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Moonrise at Sunrise from the International Space Station

Seen from this perspective, the atmosphere doesn’t seem as limitless as from Earth’s surface

ImaGeo iconImaGeo
By Tom Yulsman
Oct 30, 2019 2:45 AMNov 18, 2019 4:40 PM
NASA astronaut Christina Koch shot this image of moonrise at sunrise from the International Space Station. (Source: Christina Koch/NASA via Twitter)


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I spotted this serenely beautiful photo of the crescent moon rising above the limb of the Earth at sunrise on Twitter. I was so taken with it that I just had to share it.

It’s undated, but this stunning moonrise at sunrise photo was photographed recently by NASA astronaut Christina Koch from the International Space Station.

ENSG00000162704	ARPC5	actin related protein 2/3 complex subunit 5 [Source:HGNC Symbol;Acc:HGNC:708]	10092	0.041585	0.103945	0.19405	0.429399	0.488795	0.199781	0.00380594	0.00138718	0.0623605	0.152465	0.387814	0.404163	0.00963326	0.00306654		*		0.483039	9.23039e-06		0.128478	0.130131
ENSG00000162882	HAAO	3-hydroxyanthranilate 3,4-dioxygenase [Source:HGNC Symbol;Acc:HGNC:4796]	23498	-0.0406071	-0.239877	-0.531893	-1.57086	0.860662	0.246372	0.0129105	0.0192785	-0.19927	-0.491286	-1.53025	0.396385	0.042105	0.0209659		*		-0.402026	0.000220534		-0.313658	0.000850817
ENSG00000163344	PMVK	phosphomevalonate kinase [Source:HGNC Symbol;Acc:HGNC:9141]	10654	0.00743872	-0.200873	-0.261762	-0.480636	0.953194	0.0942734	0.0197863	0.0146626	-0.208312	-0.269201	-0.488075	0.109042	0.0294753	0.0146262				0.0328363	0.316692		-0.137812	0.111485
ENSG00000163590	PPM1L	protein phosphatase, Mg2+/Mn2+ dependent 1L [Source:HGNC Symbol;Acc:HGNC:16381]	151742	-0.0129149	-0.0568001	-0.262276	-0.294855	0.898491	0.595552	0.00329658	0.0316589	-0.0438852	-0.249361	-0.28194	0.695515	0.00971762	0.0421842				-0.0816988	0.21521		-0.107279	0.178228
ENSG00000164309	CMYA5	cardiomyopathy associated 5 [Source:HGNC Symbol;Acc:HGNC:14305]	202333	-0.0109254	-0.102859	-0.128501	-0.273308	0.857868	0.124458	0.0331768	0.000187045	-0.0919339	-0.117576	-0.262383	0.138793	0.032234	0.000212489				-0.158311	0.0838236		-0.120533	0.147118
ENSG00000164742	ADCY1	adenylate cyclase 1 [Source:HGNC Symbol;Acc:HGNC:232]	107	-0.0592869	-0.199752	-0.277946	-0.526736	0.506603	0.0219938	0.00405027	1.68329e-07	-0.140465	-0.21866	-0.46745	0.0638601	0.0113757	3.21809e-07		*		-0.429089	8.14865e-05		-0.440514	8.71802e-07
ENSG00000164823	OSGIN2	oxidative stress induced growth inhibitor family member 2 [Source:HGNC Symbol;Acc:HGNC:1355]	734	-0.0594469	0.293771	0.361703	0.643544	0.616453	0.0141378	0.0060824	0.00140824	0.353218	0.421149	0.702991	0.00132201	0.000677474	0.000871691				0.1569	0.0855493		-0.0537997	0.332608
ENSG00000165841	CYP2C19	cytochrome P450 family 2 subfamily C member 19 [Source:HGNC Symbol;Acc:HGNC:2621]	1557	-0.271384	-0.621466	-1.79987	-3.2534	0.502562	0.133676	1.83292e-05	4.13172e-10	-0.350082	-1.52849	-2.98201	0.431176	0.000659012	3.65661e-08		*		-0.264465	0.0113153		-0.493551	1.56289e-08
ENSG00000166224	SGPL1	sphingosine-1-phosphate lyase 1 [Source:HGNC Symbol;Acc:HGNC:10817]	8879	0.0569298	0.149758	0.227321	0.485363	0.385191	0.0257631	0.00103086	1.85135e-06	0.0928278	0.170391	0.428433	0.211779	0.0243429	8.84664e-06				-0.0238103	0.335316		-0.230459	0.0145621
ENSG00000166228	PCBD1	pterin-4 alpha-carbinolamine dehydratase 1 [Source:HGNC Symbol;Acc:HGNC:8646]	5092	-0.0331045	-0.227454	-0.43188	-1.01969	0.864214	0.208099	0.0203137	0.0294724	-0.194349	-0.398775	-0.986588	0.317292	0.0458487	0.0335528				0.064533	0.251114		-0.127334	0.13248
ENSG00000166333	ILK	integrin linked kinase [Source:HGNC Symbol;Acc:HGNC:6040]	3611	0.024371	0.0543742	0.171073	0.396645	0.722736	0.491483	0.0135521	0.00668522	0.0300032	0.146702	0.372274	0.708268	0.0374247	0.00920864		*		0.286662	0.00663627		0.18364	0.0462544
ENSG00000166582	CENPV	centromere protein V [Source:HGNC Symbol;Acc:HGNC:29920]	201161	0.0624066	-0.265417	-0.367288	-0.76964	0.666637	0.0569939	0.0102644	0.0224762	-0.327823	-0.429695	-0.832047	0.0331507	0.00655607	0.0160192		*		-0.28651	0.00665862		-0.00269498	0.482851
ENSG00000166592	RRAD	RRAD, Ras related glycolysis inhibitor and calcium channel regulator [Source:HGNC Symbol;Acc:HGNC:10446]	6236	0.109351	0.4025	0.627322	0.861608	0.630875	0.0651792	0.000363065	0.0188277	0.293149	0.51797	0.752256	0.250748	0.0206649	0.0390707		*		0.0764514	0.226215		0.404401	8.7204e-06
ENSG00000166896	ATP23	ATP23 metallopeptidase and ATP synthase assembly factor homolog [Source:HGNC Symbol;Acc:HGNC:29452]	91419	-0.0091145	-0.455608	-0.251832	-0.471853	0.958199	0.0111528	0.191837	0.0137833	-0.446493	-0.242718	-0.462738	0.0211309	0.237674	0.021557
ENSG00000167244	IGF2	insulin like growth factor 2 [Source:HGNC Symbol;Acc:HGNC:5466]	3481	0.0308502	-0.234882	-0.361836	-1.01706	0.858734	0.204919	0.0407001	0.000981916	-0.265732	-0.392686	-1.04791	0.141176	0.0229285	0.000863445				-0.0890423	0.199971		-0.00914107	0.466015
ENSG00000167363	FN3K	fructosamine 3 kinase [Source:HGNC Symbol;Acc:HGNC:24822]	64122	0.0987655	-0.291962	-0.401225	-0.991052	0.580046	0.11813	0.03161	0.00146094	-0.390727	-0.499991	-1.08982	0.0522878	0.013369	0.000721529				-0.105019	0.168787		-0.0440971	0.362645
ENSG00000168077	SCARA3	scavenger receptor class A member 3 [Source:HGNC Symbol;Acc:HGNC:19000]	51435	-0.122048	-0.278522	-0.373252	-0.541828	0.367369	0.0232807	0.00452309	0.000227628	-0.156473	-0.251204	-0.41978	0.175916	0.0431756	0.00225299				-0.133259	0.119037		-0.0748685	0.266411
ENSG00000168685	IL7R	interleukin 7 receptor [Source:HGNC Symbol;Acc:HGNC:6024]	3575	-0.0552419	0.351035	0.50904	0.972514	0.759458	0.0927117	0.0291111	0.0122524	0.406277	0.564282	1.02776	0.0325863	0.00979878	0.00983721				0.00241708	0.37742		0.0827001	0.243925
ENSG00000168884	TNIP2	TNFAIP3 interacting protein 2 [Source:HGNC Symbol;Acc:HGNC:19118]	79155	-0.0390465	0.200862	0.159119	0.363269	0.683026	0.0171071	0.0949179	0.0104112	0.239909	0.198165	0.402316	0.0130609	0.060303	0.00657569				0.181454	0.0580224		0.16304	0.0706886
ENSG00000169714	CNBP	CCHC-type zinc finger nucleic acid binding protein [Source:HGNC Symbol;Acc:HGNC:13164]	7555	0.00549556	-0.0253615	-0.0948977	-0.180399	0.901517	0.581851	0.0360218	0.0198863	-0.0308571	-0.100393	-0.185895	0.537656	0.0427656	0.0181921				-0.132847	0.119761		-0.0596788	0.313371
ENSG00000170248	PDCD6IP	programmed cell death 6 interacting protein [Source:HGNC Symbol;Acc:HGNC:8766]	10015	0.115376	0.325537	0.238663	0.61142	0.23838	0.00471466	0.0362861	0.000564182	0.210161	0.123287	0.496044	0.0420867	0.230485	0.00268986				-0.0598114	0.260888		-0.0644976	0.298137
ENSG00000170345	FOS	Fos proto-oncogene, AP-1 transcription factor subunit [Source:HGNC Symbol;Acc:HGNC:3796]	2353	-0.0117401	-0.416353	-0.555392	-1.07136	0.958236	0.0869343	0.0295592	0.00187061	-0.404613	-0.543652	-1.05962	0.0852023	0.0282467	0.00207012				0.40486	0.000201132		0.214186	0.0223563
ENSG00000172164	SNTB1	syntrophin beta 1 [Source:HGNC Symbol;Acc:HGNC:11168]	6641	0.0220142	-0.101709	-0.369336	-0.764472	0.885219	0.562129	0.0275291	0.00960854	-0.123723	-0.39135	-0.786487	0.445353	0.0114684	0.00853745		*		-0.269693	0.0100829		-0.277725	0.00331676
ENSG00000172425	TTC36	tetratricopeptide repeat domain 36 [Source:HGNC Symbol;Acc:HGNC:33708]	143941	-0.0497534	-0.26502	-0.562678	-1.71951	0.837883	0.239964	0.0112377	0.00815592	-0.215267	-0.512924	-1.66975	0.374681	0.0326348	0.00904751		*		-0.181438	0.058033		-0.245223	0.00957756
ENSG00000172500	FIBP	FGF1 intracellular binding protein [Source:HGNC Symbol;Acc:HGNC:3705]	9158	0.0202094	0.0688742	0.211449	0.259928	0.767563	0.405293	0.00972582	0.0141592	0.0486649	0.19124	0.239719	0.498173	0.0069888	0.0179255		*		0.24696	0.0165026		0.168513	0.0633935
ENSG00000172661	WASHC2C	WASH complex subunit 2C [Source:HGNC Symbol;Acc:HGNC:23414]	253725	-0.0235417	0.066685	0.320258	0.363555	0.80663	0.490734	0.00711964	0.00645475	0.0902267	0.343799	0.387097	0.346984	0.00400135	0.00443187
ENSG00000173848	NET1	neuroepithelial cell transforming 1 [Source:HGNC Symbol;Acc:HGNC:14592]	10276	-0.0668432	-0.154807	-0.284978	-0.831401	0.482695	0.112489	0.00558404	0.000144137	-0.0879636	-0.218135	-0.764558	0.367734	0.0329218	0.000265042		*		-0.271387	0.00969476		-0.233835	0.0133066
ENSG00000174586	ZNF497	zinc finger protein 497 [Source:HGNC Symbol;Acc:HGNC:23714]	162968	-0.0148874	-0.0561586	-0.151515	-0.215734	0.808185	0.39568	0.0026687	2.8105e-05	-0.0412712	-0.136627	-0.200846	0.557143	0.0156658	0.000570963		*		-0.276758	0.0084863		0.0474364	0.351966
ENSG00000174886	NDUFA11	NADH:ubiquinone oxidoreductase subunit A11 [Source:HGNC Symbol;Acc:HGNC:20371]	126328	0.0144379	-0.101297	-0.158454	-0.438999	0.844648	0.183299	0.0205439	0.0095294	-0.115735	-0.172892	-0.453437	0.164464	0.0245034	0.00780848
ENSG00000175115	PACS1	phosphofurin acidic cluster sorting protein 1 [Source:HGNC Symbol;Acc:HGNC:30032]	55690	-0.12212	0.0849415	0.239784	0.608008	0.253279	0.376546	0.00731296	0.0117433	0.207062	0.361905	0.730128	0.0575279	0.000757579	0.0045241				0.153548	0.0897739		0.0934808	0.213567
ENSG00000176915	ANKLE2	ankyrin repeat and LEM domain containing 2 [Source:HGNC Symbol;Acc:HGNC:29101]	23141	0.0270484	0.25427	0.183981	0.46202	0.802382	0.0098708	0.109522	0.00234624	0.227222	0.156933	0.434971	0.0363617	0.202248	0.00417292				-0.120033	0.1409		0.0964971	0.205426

On Oct. 18, Koch made history with her fellow NASA astronaut Jessica Meir, when the two accomplished the first all-female spacewalk. They spent seven hours outside the space station, fixing a failed power controller.

The Canadian-built Dextre, a two-armed robot aboard the International Space Station, could be a predecessor to a fleet of robots capable of repairing defunct orbiting satellites. | NASA

As photographed by Koch, the blue luminous envelope of Earth’s atmosphere seems tenuously thin. This helps me grasp how we humans, a seemingly puny species, could actually alter the makeup of the atmosphere in a way that fundamentally alters the climatic life support system of our planet.

Seen from this perspective, the atmosphere doesn’t seem quite so limitless as it does when we simply look up from Earth’s surface.

Koch, 40, has been aboard the space station since mid-March and is scheduled to remain there through February. That would make for 328 days in space, which would be a record for the longest single spaceflight for a woman.

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